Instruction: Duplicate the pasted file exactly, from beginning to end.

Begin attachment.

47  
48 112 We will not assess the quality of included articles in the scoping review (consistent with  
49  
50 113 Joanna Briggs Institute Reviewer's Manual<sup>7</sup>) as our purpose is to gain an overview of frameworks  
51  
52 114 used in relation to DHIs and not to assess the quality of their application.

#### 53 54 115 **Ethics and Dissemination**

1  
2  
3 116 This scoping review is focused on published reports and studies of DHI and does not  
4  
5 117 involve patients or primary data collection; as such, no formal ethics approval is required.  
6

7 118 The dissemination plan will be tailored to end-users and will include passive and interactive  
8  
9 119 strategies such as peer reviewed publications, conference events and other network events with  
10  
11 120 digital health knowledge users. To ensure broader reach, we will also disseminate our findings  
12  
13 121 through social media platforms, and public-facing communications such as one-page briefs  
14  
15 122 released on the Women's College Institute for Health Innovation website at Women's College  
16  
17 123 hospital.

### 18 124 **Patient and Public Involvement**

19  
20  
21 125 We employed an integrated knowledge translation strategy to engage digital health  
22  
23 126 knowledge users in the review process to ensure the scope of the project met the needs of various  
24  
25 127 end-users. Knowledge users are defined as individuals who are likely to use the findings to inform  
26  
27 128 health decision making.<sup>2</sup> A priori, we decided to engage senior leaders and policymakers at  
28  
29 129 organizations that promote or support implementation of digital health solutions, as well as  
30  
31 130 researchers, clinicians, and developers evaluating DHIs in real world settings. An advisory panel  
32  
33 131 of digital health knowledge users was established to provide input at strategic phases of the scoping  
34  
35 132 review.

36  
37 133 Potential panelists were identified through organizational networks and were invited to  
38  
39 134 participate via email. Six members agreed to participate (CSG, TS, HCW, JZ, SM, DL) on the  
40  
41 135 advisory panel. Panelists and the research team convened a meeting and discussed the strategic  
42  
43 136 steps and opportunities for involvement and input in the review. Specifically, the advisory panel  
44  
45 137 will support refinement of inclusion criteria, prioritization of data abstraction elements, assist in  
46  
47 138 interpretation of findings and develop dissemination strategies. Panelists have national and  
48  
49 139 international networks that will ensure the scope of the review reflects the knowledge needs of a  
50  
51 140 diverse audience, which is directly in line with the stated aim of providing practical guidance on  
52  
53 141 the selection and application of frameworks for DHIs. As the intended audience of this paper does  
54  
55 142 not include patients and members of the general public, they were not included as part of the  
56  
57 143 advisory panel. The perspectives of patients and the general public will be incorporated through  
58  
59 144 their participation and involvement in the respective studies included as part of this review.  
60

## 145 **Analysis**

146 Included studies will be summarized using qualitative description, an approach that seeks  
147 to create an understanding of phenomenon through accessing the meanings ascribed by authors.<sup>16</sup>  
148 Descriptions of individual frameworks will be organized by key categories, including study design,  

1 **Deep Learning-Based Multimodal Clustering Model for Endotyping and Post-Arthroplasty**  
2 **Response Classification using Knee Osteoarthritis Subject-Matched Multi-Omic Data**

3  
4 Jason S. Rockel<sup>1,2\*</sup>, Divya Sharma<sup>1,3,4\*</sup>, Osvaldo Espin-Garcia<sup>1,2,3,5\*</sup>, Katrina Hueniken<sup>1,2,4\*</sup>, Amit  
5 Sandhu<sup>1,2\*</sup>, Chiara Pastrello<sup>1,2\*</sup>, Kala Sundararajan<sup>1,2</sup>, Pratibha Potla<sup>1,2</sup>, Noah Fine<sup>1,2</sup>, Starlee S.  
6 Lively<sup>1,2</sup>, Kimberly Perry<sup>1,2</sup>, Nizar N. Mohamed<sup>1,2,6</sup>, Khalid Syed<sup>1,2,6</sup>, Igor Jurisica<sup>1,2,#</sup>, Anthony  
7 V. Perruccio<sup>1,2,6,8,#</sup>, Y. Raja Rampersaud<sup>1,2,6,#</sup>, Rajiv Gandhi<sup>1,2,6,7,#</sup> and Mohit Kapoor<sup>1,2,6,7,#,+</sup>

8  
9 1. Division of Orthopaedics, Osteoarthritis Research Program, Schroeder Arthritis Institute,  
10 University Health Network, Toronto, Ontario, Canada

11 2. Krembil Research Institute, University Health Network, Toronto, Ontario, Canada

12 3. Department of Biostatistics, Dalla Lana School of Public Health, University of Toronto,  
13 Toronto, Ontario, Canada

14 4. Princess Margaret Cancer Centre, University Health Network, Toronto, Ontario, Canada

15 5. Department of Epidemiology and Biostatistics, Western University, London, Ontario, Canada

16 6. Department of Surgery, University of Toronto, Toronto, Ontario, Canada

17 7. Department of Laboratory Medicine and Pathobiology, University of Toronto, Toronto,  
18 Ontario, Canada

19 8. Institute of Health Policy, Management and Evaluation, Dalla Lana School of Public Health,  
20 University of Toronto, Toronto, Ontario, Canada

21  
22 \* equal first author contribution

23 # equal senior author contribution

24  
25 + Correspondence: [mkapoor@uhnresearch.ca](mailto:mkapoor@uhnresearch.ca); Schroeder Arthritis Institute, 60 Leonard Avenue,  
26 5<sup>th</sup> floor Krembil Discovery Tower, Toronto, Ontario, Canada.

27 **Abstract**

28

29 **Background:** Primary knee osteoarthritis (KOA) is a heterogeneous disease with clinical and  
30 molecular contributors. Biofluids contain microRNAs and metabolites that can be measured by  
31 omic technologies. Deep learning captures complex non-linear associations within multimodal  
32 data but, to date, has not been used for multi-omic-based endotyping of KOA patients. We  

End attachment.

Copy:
47  
48 112 We will not assess the quality of included articles in the scoping review (consistent with  
49  
50 113 Joanna Briggs Institute Reviewer's Manual<sup>7</sup>) as our purpose is to gain an overview of frameworks  
51  
52 114 used in relation to DHIs and not to assess the quality of their application.

#### 53 54 115 **Ethics and Dissemination**

1  
2  
3 116 This scoping review is focused on published reports and studies of DHI and does not  
4  
5 117 involve patients or primary data collection; as such, no formal ethics approval is required.  
6

7 118 The dissemination plan will be tailored to end-users and will include passive and interactive  
8  
9 119 strategies such as peer reviewed publications, conference events and other network events with  
10  
11 120 digital health knowledge users. To ensure broader reach, we will also disseminate our findings  
12  
13 121 through social media platforms, and public-facing communications such as one-page briefs  
14  
15 122 released on the Women's College Institute for Health Innovation website at Women's College  
16  
17 123 hospital.

### 18 124 **Patient and Public Involvement**

19  
20  
21 125 We employed an integrated knowledge translation strategy to engage digital health  
22  
23 126 knowledge users in the review process to ensure the scope of the project met the needs of various  
24  
25 127 end-users. Knowledge users are defined as individuals who are likely to use the findings to inform  
26  
27 128 health decision making.<sup>2</sup> A priori, we decided to engage senior leaders and policymakers at  
28  
29 129 organizations that promote or support implementation of digital health solutions, as well as  
30  
31 130 researchers, clinicians, and developers evaluating DHIs in real world settings. An advisory panel  
32  
33 131 of digital health knowledge users was established to provide input at strategic phases of the scoping  
34  
35 132 review.

36  
37 133 Potential panelists were identified through organizational networks and were invited to  
38  
39 134 participate via email. Six members agreed to participate (CSG, TS, HCW, JZ, SM, DL) on the  
40  
41 135 advisory panel. Panelists and the research team convened a meeting and discussed the strategic  
42  
43 136 steps and opportunities for involvement and input in the review. Specifically, the advisory panel  
44  
45 137 will support refinement of inclusion criteria, prioritization of data abstraction elements, assist in  
46  
47 138 interpretation of findings and develop dissemination strategies. Panelists have national and  
48  
49 139 international networks that will ensure the scope of the review reflects the knowledge needs of a  
50  
51 140 diverse audience, which is directly in line with the stated aim of providing practical guidance on  
52  
53 141 the selection and application of frameworks for DHIs. As the intended audience of this paper does  
54  
55 142 not include patients and members of the general public, they were not included as part of the  
56  
57 143 advisory panel. The perspectives of patients and the general public will be incorporated through  
58  
59 144 their participation and involvement in the respective studies included as part of this review.  
60

## 145 **Analysis**

146 Included studies will be summarized using qualitative description, an approach that seeks  
147 to create an understanding of phenomenon through accessing the meanings ascribed by authors.<sup>16</sup>  
148 Descriptions of individual frameworks will be organized by key categories, including study design,  

1 **Deep Learning-Based Multimodal Clustering Model for Endotyping and Post-Arthroplasty**  
2 **Response Classification using Knee Osteoarthritis Subject-Matched Multi-Omic Data**

3  
4 Jason S. Rockel<sup>1,2\*</sup>, Divya Sharma<sup>1,3,4\*</sup>, Osvaldo Espin-Garcia<sup>1,2,3,5\*</sup>, Katrina Hueniken<sup>1,2,4\*</sup>, Amit  
5 Sandhu<sup>1,2\*</sup>, Chiara Pastrello<sup>1,2\*</sup>, Kala Sundararajan<sup>1,2</sup>, Pratibha Potla<sup>1,2</sup>, Noah Fine<sup>1,2</sup>, Starlee S.  
6 Lively<sup>1,2</sup>, Kimberly Perry<sup>1,2</sup>, Nizar N. Mohamed<sup>1,2,6</sup>, Khalid Syed<sup>1,2,6</sup>, Igor Jurisica<sup>1,2,#</sup>, Anthony  
7 V. Perruccio<sup>1,2,6,8,#</sup>, Y. Raja Rampersaud<sup>1,2,6,#</sup>, Rajiv Gandhi<sup>1,2,6,7,#</sup> and Mohit Kapoor<sup>1,2,6,7,#,+</sup>

8  
9 1. Division of Orthopaedics, Osteoarthritis Research Program, Schroeder Arthritis Institute,  
10 University Health Network, Toronto, Ontario, Canada

11 2. Krembil Research Institute, University Health Network, Toronto, Ontario, Canada

12 3. Department of Biostatistics, Dalla Lana School of Public Health, University of Toronto,  
13 Toronto, Ontario, Canada

14 4. Princess Margaret Cancer Centre, University Health Network, Toronto, Ontario, Canada

15 5. Department of Epidemiology and Biostatistics, Western University, London, Ontario, Canada

16 6. Department of Surgery, University of Toronto, Toronto, Ontario, Canada

17 7. Department of Laboratory Medicine and Pathobiology, University of Toronto, Toronto,  
18 Ontario, Canada

19 8. Institute of Health Policy, Management and Evaluation, Dalla Lana School of Public Health,  
20 University of Toronto, Toronto, Ontario, Canada

21  
22 \* equal first author contribution

23 # equal senior author contribution

24  
25 + Correspondence: [mkapoor@uhnresearch.ca](mailto:mkapoor@uhnresearch.ca); Schroeder Arthritis Institute, 60 Leonard Avenue,  
26 5<sup>th</sup> floor Krembil Discovery Tower, Toronto, Ontario, Canada.

27 **Abstract**

28

29 **Background:** Primary knee osteoarthritis (KOA) is a heterogeneous disease with clinical and  
30 molecular contributors. Biofluids contain microRNAs and metabolites that can be measured by  
31 omic technologies. Deep learning captures complex non-linear associations within multimodal  
32 data but, to date, has not been used for multi-omic-based endotyping of KOA patients. We  